The Tyndall Effect is the effect of light scattering in colloidal dispersion, while showing no dispersion in a true solution. This effect is used to determine whether a mixture is a true solution or a colloid. When the visible light encounters sca...
The Tyndall effect is an effect of light scattering by colloidal particles or particles in suspension. Flour (a yellowish starch) may appear blue when in suspension due to the Tyndall effect. Read ...
Tyndall effect is used to differentiate between a true solution and a colloidal solution. It has been used by Zsigmondy and Siedentopf in devising the ultra-microscope. How it works? A strong beam of light from an arc lamp or any other source is c...
The Tyndall effect is seen when light-scattering particulate matter is dispersed in an otherwise light-transmitting medium, when the diameter of an individual particle is the range of roughly between 40 and 900 nm, i.e. somewhat below or near the wavelengths of visible light (400–750 nm).
When the light goes through a sol, its way ends up unmistakable as a result of dispersing of light by particles. It is called the Tyndall effect. Learn more about the the conditions and applications of tyndall effect at vedantu.com
The Tyndall effect is used in commercial and lab settings to determine the particle size of aerosols. Opalescent glass displays the Tyndall effect. The glass appears blue, yet the light that shines through it appears orange. Blue eye color is from Tyndall scattering through the translucent layer over the eye's iris.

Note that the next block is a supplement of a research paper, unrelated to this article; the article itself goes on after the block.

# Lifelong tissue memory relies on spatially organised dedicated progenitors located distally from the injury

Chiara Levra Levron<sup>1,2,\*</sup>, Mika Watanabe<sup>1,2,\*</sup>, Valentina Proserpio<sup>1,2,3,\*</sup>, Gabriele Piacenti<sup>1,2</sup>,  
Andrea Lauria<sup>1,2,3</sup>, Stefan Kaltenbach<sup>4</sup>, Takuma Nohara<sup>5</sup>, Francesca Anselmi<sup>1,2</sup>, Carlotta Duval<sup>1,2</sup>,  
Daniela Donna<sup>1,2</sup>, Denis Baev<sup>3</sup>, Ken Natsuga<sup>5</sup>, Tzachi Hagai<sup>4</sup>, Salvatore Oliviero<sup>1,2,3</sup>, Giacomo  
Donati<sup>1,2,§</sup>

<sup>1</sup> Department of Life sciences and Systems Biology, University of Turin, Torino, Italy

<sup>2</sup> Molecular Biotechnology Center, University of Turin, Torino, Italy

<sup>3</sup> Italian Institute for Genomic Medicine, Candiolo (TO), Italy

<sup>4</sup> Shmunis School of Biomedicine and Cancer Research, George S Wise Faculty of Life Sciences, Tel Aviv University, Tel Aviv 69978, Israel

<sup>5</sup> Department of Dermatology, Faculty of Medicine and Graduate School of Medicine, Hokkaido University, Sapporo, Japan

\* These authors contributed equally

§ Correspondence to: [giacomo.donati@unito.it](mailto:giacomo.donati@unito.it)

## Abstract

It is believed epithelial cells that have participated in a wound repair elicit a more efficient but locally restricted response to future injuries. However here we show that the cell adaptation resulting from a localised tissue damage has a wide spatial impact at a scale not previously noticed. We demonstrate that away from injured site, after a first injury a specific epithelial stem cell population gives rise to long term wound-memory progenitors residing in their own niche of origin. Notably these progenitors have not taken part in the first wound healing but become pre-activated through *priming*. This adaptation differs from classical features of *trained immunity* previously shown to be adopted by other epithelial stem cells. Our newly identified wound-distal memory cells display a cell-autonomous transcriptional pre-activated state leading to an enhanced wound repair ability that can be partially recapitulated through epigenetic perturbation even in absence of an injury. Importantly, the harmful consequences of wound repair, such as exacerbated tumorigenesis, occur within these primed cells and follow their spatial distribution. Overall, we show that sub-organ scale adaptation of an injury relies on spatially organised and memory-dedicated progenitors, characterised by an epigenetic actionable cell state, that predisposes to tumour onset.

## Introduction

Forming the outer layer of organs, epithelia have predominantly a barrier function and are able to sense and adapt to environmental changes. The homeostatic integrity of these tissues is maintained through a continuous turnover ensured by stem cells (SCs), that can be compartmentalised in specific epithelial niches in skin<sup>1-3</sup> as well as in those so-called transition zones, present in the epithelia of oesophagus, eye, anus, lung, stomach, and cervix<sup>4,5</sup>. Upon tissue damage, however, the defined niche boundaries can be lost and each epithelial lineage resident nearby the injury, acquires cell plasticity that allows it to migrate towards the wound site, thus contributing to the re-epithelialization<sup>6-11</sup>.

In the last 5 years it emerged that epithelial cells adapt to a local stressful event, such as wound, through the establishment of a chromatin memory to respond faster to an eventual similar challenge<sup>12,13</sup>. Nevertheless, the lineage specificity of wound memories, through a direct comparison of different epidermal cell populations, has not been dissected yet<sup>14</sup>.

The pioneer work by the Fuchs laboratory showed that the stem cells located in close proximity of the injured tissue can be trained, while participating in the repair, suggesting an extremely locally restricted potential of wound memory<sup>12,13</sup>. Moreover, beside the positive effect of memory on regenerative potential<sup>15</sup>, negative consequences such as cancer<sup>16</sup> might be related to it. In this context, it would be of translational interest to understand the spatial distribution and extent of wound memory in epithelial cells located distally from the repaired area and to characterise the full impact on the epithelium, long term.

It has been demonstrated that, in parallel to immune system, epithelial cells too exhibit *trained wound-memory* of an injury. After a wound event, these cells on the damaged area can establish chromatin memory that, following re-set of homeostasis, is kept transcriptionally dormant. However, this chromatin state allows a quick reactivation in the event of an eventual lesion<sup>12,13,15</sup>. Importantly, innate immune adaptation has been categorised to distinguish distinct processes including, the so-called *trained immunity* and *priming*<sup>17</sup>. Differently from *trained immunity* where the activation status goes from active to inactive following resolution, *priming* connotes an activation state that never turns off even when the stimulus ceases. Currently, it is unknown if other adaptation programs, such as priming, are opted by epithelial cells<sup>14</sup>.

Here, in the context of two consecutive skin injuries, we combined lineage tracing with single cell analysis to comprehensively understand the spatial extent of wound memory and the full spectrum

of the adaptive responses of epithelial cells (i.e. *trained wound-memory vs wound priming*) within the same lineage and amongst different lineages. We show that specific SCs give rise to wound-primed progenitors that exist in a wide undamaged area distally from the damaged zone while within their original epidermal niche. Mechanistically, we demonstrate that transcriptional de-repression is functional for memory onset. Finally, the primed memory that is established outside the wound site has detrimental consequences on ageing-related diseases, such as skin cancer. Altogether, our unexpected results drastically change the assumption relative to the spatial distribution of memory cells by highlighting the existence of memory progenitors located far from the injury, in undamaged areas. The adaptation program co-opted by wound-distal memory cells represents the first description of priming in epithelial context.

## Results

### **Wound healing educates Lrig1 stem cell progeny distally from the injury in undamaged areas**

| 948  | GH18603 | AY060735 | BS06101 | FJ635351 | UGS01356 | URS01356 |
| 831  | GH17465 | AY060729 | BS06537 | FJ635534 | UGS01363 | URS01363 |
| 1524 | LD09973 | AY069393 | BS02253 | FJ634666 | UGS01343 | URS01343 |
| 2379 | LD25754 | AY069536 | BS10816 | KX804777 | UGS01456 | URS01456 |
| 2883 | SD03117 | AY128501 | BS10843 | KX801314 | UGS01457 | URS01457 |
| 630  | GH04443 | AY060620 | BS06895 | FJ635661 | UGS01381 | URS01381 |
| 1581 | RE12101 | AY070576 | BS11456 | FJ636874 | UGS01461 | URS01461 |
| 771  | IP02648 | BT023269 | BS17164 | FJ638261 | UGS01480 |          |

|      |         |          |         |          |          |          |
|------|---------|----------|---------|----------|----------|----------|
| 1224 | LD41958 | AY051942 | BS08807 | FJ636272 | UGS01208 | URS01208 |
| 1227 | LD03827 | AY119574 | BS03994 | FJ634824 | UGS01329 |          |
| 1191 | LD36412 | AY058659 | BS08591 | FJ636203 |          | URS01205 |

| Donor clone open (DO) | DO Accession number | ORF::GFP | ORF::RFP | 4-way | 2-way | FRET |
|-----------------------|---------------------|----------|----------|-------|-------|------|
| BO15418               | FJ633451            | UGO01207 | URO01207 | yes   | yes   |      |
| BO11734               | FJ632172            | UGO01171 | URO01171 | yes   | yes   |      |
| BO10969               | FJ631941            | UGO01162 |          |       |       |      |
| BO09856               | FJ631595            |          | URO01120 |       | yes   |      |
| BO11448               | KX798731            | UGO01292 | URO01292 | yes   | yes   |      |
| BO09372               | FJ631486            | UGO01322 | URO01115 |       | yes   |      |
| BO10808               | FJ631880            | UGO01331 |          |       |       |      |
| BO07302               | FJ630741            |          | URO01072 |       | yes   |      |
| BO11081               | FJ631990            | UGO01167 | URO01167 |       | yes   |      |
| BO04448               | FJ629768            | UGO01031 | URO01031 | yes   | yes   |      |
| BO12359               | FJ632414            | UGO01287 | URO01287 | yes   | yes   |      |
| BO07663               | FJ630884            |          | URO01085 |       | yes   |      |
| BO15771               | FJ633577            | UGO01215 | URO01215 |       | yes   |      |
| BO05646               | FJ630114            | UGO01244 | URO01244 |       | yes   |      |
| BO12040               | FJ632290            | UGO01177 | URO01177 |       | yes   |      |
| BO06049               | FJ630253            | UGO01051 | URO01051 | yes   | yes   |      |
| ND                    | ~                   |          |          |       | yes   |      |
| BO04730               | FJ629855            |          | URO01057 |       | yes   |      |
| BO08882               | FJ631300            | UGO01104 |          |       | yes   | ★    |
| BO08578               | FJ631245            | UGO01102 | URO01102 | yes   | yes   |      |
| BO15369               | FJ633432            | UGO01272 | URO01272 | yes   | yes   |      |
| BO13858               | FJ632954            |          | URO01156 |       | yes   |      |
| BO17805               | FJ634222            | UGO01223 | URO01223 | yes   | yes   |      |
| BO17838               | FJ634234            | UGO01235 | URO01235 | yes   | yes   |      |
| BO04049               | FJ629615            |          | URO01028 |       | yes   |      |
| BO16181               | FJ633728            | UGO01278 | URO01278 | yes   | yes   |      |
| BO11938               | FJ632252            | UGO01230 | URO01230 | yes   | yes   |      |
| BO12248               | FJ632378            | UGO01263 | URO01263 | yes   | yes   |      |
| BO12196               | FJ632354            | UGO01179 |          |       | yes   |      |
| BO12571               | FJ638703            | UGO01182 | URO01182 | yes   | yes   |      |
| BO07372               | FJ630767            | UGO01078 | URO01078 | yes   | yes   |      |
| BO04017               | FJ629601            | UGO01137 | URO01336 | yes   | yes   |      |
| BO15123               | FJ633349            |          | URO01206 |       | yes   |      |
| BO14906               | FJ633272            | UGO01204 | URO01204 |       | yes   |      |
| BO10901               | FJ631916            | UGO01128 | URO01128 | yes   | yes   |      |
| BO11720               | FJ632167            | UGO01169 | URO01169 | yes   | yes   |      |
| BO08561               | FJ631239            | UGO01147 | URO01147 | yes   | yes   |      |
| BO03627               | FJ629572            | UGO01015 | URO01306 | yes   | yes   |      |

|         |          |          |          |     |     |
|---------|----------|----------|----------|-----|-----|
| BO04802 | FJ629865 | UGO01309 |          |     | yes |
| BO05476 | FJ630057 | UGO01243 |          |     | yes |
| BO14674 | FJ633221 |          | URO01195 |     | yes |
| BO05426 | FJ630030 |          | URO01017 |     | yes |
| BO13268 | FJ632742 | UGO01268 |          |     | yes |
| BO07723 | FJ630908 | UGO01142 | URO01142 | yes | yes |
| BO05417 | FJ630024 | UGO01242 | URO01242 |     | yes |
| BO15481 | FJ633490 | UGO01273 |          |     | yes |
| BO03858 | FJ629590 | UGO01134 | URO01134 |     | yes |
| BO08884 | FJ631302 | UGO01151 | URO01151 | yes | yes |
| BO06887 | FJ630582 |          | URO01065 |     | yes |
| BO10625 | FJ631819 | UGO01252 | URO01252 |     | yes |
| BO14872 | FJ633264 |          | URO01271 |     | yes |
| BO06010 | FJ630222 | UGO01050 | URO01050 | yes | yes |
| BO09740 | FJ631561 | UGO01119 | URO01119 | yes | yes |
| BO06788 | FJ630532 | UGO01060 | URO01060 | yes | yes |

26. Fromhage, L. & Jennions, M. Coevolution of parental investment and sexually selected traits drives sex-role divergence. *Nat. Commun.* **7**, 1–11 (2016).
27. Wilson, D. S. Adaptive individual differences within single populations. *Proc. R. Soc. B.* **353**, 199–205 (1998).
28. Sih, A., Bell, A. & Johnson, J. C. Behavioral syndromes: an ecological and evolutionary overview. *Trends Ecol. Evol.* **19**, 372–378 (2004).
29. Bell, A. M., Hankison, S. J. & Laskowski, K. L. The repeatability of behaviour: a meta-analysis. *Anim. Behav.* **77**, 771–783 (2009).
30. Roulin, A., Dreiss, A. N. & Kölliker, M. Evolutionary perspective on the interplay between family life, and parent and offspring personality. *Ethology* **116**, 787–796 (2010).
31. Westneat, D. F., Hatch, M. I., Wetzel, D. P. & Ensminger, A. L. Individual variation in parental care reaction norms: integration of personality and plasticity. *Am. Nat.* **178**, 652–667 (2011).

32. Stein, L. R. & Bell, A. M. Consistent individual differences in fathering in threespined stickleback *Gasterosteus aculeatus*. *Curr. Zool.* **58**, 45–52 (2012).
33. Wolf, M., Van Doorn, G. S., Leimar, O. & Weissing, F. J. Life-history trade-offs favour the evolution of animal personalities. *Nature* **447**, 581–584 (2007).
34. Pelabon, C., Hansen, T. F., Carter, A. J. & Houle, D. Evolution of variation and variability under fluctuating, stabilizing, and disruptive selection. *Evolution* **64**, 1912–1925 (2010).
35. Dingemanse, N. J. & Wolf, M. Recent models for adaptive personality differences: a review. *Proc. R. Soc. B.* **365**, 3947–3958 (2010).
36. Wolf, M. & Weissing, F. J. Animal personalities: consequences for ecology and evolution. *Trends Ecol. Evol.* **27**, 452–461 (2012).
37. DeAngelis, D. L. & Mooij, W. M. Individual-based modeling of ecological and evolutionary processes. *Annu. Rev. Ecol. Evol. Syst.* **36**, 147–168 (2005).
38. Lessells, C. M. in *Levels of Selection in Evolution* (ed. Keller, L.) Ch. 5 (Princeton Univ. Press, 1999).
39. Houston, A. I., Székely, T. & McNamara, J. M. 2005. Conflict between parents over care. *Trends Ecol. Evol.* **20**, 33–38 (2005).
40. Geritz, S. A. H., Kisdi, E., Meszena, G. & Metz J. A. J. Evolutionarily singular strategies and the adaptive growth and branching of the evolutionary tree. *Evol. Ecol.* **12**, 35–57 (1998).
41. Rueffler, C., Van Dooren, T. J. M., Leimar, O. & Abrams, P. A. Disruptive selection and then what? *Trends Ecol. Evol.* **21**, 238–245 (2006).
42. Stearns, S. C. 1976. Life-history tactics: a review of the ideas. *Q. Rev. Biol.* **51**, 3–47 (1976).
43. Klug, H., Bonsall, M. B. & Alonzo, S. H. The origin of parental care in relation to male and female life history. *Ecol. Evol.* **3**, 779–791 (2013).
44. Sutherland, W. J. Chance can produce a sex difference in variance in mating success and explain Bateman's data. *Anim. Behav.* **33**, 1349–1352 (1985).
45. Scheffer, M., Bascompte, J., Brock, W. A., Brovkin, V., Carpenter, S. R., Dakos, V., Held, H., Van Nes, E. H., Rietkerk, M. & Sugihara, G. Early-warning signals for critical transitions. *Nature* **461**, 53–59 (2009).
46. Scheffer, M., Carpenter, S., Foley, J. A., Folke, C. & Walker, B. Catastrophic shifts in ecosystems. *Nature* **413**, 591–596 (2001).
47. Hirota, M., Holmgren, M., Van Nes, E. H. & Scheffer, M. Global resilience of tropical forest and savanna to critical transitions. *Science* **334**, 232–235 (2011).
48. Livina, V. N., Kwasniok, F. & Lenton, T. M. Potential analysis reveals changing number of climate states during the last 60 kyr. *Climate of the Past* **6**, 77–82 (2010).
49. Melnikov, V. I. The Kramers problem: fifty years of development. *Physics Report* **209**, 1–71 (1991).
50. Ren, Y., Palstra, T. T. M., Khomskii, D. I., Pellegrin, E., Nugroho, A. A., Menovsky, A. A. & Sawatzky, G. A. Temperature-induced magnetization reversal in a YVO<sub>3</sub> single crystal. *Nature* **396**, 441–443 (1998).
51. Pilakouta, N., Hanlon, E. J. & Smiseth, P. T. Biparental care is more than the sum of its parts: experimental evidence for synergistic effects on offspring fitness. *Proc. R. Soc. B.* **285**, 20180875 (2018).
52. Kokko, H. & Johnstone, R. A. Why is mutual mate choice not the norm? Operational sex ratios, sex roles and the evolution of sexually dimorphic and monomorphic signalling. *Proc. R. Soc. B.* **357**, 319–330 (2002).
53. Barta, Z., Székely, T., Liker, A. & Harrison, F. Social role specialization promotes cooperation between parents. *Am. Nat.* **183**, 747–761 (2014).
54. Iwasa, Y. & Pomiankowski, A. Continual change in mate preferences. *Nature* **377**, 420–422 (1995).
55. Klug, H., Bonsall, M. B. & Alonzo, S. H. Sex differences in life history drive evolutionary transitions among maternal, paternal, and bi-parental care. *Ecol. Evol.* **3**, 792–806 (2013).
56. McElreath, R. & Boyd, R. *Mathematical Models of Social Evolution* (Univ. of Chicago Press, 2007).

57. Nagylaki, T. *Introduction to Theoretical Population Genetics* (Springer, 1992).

The Tyndall effect was first discovered by (and is named after) the Irish physicist John Tyndall. The diameters of the particles that cause the Tyndall effect can range from 40 to 900 nanometers (1 nanometer = 10-9 meter). In comparison, the wavelength of the visible light spectrum ranges from 400 to 750 nanometers. Examples of the Tyndall Effect
The Tyndall effect is an easy way of determining whether a mixture is colloidal or not. When light is shined through a true solution, the light passes cleanly through the solution, however when light is passed through a colloidal solution, the substance in the dispersed phases scatters the light in all directions, making it readily seen.
Light, on passing through a colloidal mixture, gets scattered by its particles. This effect is called the Tyndall effect. This extract gives an insight into the definition of the Tyndall effect, and a detailed explanation, coupled with a labeled diagram.
Applications. The Tyndall Effect can be seen regularly in daily activities. For example, the Tyndall Effect is what causes the sky to appear to be blue. This is because sunlight is scattered as it enters the Earth’s atmosphere and passes through billions of small particles in the air such as dust, water droplets, and other debris.